However I have noticed a big move to ” cyber ” teaching, Skype & the like I assume & lots of little ” private” schools [ one man bands I assume] have popped up.
    My thing was kids, loved teaching kids, no one else did so I got all the work.
    So for us to move back , which is a high priority, work of some type is needed. It is nearly impossible to solve that from here.

    Like

    • tokyo5 September 16, 2014 at 3:51 pm #

      If you had a job here and you want to live here…why did you leave? (just wondering…)

      Like

  5. Derekuma September 14, 2014 at 9:56 am #

    Hi, first visit to your great site [& first comment], just spent an hour reliving my 7 years [ 1988 -1994 ] in Tokyo thru the pages of your site. Many thanks for the memories. Well done.

    I am an Ozzie & had the same reverse culture shock coming back to Oz in 1994. 20 years later I still desperately miss Japan & my 日本 wife & 10 old daughter would be back in a flash if I knew I could get work.

    The comments above are typical, in the 1990s we did not have blogs to voice what is above, so I would follow comments on the back page of the Japan Times & I can assure you , it was E X A C T L Y the same things were said back then.. !

    In fact the “extra bag of complimentary snacks” was a case in point I remember reading way back in 1990-ish.

    Sadly, it is EASY too say “no” to an extra bag of complimentary snacks, but trying to teach that same person the rewards & great feeling one gets for the appreciation on the children’s faces when the answer is the 日本 style ” just a moment please ” followed by the bags a few mins later is not so easy , I would say impossible & the “value added ” to the experience from a business perspective is just not recognised out side of 日本 .

    I am waiting for the day that all people are like our “half” children and all the “good” things from each culture have come together & no one gets upset about these differences.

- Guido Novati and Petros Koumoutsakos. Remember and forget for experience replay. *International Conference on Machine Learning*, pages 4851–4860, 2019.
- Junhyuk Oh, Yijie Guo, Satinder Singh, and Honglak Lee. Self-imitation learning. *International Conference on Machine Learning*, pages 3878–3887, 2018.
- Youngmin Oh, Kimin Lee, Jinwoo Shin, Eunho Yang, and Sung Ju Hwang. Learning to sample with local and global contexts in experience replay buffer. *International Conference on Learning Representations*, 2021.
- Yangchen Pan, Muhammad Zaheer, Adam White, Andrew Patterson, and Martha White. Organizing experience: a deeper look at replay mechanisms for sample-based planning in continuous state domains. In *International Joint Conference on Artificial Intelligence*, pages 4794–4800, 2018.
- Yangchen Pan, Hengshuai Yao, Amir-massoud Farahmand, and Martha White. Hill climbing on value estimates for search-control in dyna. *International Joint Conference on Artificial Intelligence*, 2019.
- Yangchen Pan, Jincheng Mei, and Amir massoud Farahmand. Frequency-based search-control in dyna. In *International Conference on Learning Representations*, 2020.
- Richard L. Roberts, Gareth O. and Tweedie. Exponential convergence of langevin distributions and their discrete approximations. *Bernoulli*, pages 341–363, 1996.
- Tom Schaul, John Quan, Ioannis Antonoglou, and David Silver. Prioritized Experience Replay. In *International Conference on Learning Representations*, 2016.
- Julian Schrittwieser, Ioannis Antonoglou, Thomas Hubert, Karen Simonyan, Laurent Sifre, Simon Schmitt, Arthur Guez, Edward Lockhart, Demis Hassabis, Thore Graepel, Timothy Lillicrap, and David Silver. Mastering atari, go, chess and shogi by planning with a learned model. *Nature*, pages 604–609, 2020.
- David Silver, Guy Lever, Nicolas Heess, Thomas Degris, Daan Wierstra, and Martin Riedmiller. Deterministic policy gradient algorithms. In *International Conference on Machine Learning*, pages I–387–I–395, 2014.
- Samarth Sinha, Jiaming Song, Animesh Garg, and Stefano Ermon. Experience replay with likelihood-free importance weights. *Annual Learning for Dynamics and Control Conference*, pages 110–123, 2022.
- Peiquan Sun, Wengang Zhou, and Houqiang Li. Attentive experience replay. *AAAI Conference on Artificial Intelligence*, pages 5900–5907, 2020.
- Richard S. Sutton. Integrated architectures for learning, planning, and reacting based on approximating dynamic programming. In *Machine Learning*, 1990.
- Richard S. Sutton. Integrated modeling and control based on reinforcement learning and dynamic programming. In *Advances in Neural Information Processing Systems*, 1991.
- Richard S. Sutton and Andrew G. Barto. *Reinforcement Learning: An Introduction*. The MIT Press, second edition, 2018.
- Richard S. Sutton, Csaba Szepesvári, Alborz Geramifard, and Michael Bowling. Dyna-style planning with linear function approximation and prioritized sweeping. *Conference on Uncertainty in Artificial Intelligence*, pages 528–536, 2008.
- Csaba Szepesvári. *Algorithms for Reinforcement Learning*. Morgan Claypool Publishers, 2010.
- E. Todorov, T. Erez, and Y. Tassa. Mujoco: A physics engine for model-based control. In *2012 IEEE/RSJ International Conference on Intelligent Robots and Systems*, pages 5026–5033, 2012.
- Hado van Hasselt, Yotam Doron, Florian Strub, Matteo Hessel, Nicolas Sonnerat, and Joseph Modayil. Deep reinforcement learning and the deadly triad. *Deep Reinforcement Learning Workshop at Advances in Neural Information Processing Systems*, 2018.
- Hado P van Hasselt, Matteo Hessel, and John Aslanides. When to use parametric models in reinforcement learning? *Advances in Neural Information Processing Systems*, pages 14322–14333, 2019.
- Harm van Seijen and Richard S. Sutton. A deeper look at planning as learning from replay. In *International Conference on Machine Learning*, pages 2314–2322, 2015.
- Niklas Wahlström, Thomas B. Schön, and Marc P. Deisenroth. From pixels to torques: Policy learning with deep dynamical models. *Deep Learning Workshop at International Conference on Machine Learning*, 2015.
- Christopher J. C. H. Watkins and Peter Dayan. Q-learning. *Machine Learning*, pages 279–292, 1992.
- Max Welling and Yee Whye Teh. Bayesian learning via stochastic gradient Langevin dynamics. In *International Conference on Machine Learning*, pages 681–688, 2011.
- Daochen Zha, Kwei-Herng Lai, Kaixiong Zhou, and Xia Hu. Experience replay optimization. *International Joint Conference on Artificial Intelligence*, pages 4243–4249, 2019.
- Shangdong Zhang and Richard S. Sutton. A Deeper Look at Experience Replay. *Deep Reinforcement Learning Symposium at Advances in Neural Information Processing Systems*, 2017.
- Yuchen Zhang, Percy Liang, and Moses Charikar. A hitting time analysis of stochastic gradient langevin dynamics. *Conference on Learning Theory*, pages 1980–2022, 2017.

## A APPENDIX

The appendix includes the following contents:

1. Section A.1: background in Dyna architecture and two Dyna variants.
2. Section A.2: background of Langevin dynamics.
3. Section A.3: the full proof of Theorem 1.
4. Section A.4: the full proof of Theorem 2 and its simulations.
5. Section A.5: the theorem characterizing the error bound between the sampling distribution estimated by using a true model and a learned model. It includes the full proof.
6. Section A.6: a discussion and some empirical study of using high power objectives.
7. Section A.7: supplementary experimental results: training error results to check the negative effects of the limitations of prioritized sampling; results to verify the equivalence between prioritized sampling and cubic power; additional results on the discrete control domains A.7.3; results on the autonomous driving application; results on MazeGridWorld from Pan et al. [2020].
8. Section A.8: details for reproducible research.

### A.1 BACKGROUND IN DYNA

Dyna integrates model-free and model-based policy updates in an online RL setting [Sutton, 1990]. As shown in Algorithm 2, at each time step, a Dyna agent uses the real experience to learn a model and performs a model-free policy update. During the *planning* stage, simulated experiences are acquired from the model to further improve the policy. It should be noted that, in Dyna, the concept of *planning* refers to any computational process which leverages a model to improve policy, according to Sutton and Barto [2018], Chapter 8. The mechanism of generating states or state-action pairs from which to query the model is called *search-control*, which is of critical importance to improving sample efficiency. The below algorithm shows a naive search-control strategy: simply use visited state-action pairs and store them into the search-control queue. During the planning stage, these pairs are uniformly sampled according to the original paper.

Like

    • tokyo5 September 15, 2014 at 9:59 am #

      Thanks for the comment. Have you and your family revisited Japan since you left in ’94?

      Like

      • Derekuma September 15, 2014 at 7:56 pm #

        Many times, at least every year , my daughter is 10 & she has 15 entry stamps in her passports. She is heading over on Thursday for two weeks in school….flying on her OWN!! for the first time.
        We are determined to keep her as bi- lingual/cultural/ everything as possible… & I just love Japan.
        What is the gaijin work availability like over there now ? [ I realise that is a loaded question , just an “on the ground opinion ” would be nice,.. we are thinking of moving back when our daughter get to high school age, to cent in Kanji etc, & to be there for the Olympics, but I guess work is not easy to get now.

        Like

      • tokyo5 September 16, 2014 at 8:15 am #

        >Many times, at least every year

        Oh, lucky! International travel is expensive.

        >She is heading over on Thursday for two weeks in school

        You mean a school trip? Or attending a Japanese school for two weeks?

        >What is the gaijin work availability like over there now ?

        In what field? As in any country, immigrants are hired, most often, when they have a needed skill that is uncommon among the locals (in Japan, and many other non-English-speaking countries, that’s often “English teacher”)…or they’re willing to do work that locals don’t want.